Hello, and thanks for dropping by. You may well know me from other places on the Internet, as I’m certainly a believer in the value of the medium to the hobby, but at the time of writing I’m personally ambivalent about the best way to actually use it, a situation prompted in turn by the directions that some things on it have taken. This blog was largely born out of a desire to have a more focused, stable and controllable outlet for some of the information, and hopefully inspiration, that I’ve sought to share with other modellers over the past few years.
As the side panel says, Windcutter has arisen partly from my activities in providing answers to assorted wagon-related queries. I would emphasise though that the knowledge I’ve acquired isn’t all-encompassing – it relates mostly to the types that interest me in a modelling sense. Although I’ve delved deeply into some of these types, via whatever routes have presented themselves to me, I’d be reluctant to describe myself as a historian. I’d also hasten to acknowledge that I wouldn’t have had any real basis on which to do so without the efforts of several recognised, authoritative and diligent primary researchers in the field. That said, I think there’s a real gap in this hobby, between the presentation of raw information and the analysis of its use to the modeller, and I hope that addressing that in some small way will be a function of this site.
One of my earliest decent, and most favourite, railway photographs, 5082 at Conway in August 1972 heads an interesting mix of vehicles. The Esso 35 tonner is probably en route from Holyhead MPD, for several years a common use for these tanks.
The ‘Net, as it impinges on our hobby, can be a hungry beast to feed, with a constant appetite for quality content. There are those who attempt to sate this hunger with endless updates, but I don’t intend to follow the well trodden route of where I’ve been, who I’ve been hobnobbing with or photographs of me posing against a half-built baseboard, nor to trot out the same stuff in several places. Initially, Windcutter is a mixture of new material with some older stuff, but none of the latter has been seen in quite this form before and I’ve tried to provide content that has some degree of wider appeal and permanence. Wagons are not everybody’s all consuming passion, I appreciate, but I think that those who they do appeal to tend to take more than a passing interest.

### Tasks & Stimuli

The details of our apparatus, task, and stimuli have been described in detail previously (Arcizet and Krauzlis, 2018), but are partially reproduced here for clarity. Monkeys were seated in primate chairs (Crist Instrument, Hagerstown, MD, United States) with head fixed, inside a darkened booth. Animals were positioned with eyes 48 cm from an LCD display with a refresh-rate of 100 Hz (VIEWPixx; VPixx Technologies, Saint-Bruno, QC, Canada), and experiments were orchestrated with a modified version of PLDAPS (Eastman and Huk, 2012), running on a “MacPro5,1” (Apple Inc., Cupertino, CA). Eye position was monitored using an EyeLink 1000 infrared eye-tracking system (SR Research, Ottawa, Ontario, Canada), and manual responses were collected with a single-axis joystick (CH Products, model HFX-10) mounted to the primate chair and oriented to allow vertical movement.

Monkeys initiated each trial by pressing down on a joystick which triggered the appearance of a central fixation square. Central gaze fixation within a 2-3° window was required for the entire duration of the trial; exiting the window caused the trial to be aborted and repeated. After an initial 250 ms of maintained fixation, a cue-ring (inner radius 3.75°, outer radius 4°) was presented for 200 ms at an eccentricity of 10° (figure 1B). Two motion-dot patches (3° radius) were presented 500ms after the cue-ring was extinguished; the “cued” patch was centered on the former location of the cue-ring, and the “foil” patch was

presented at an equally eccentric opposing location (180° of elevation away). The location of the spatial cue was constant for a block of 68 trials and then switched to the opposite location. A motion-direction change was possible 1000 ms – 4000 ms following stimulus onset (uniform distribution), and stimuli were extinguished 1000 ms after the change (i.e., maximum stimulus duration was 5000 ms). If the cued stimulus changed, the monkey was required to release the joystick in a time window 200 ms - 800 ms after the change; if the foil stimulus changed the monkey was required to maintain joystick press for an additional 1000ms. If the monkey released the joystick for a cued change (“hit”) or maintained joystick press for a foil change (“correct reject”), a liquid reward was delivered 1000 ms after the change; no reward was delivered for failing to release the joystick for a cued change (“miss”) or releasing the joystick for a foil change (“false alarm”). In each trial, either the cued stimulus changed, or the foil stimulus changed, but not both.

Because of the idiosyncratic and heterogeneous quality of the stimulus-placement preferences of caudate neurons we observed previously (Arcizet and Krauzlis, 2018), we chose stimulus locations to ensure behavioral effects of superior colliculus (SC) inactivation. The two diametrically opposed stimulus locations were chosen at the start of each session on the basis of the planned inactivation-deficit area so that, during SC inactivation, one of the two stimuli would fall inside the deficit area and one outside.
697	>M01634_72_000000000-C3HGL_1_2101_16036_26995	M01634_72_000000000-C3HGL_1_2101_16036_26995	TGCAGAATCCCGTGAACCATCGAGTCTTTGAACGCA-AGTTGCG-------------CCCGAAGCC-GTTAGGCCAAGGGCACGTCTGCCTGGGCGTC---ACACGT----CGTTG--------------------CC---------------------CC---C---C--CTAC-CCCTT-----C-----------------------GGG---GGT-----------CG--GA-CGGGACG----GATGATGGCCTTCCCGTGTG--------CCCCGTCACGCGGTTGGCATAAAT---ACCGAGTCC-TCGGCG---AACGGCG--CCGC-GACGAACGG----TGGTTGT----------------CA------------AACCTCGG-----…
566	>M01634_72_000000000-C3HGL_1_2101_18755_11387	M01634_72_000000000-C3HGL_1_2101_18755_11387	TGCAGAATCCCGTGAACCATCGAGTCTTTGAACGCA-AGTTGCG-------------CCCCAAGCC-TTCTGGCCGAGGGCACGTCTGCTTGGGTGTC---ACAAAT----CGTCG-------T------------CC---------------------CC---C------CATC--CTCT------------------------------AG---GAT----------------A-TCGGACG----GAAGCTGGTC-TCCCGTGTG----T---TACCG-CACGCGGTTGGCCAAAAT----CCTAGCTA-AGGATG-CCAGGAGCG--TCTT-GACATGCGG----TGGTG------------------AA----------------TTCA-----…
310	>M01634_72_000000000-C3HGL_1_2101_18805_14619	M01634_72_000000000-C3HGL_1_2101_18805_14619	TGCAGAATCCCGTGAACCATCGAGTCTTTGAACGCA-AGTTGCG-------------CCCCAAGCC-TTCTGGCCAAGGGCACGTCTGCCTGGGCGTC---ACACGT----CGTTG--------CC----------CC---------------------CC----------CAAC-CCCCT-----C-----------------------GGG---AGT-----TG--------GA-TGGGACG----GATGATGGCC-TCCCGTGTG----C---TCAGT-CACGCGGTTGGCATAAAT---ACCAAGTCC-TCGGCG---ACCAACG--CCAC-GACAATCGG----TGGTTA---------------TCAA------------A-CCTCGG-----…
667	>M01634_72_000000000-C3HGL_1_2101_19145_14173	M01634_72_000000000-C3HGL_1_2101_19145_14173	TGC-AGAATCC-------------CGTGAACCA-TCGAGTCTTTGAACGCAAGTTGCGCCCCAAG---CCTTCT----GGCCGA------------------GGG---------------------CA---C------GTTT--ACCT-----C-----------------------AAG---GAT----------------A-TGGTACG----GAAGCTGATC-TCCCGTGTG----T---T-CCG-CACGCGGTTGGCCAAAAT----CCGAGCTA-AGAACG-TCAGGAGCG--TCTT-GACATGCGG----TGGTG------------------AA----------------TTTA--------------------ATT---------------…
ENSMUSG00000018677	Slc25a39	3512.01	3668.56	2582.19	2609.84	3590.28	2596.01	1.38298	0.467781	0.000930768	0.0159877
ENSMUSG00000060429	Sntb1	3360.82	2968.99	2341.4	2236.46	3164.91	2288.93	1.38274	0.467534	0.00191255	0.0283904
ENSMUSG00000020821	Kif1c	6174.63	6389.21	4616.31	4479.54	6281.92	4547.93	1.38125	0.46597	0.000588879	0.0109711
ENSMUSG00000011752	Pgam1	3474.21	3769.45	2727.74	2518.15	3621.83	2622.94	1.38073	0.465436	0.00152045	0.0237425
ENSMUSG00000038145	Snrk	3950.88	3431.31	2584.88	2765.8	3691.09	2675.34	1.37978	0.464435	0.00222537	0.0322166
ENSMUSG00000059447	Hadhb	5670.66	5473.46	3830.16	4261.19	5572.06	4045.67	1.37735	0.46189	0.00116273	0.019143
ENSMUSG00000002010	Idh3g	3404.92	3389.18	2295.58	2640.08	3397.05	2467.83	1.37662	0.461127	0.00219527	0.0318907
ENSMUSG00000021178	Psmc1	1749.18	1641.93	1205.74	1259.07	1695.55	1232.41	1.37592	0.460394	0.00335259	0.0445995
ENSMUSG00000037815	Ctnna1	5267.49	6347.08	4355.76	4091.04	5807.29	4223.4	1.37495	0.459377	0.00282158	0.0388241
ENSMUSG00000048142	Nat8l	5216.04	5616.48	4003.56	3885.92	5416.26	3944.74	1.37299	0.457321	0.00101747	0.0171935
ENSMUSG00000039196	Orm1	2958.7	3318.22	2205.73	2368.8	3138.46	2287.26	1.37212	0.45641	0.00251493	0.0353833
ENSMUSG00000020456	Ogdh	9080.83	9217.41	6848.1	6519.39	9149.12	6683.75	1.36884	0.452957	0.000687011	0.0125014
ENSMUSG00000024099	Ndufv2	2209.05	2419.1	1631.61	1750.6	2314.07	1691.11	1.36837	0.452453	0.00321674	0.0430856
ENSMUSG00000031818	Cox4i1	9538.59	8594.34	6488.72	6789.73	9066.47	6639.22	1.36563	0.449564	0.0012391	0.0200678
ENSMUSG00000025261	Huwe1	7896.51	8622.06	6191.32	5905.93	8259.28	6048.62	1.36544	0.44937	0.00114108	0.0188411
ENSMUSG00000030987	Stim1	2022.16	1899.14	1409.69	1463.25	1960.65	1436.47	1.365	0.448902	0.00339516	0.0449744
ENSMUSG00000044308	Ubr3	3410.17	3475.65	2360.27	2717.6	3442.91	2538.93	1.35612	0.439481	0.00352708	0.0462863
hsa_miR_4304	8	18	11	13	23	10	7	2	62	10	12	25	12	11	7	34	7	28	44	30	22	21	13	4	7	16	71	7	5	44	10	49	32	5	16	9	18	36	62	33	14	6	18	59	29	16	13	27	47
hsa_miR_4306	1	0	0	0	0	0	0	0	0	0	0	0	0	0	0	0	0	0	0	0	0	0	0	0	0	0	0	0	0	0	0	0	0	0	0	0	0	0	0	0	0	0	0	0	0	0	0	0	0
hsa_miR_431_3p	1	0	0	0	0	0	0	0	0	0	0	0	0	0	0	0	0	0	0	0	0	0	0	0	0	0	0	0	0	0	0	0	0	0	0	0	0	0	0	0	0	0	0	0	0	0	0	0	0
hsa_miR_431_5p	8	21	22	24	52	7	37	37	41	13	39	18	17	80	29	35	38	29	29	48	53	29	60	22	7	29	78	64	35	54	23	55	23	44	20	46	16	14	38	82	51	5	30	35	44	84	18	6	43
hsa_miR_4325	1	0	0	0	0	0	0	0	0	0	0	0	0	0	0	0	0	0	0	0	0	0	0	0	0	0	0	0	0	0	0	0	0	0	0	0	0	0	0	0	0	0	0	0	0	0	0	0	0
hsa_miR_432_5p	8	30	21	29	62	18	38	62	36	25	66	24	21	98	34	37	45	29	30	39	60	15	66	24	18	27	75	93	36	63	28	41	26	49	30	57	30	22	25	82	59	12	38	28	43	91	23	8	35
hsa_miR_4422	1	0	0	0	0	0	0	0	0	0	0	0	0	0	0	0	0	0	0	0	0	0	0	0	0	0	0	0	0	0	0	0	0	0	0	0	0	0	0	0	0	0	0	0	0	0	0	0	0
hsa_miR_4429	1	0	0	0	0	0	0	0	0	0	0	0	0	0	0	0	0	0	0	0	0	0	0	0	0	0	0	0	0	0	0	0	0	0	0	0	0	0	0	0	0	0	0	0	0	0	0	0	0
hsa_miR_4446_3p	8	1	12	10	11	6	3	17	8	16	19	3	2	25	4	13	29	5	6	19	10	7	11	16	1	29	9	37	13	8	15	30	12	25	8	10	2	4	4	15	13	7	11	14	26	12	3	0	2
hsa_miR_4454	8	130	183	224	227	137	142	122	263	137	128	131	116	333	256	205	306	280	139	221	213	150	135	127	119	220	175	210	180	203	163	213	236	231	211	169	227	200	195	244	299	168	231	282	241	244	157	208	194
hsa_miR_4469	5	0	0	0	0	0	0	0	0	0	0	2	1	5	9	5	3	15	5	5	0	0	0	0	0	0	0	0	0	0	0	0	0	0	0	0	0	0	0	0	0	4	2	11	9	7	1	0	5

Primarily, I’m in this game for the creative challenge, with dissemination of information a welcome by-product, and I hope the content largely reflects that. But the hobby being what it is these days, I do enjoy a good debate on many related subjects, particularly the state of current RTR. I don’t think though that blogs such as these are an ideal environment for this; such debate tends to cover wide-ranging and far-reaching issues and a blog can’t provide the same environment for equal exchange of views and feedback thereto. This is where forums ought to score, although as time goes on, one really can’t rely on such an environment providing a truly level playing field.
Please feel free to comment on anything here, or if you want to chat about anything featured or of related interest, I’m contactable by leaving a suitable comment on any page or post. Don’t worry about the comment being published if that’s not what you intend, as all comments pass through moderation anyway. And please bear with me if I don’t answer immediately.
Finally, a note about copyright and ‘intellectual property’. All photographs on the site are copyright, either my own if not directly credited, or of the persons mentioned,and shouldn’t be republished anywhere else without prior permission, please. Much the same goes for the textual content of the site, which falls into the concept of ‘intellectual property’; the fact that it’s even here should prove that I’m not averse to sharing thoughts and ideas, but please don’t remove chunks of it wholesale without approaching me first. It’s not that I expect to make large bags of money out of anything here, I just feel that the request is no more than simple courtesy, and I trust that it won’t prove too much to observe. Thank you in advance.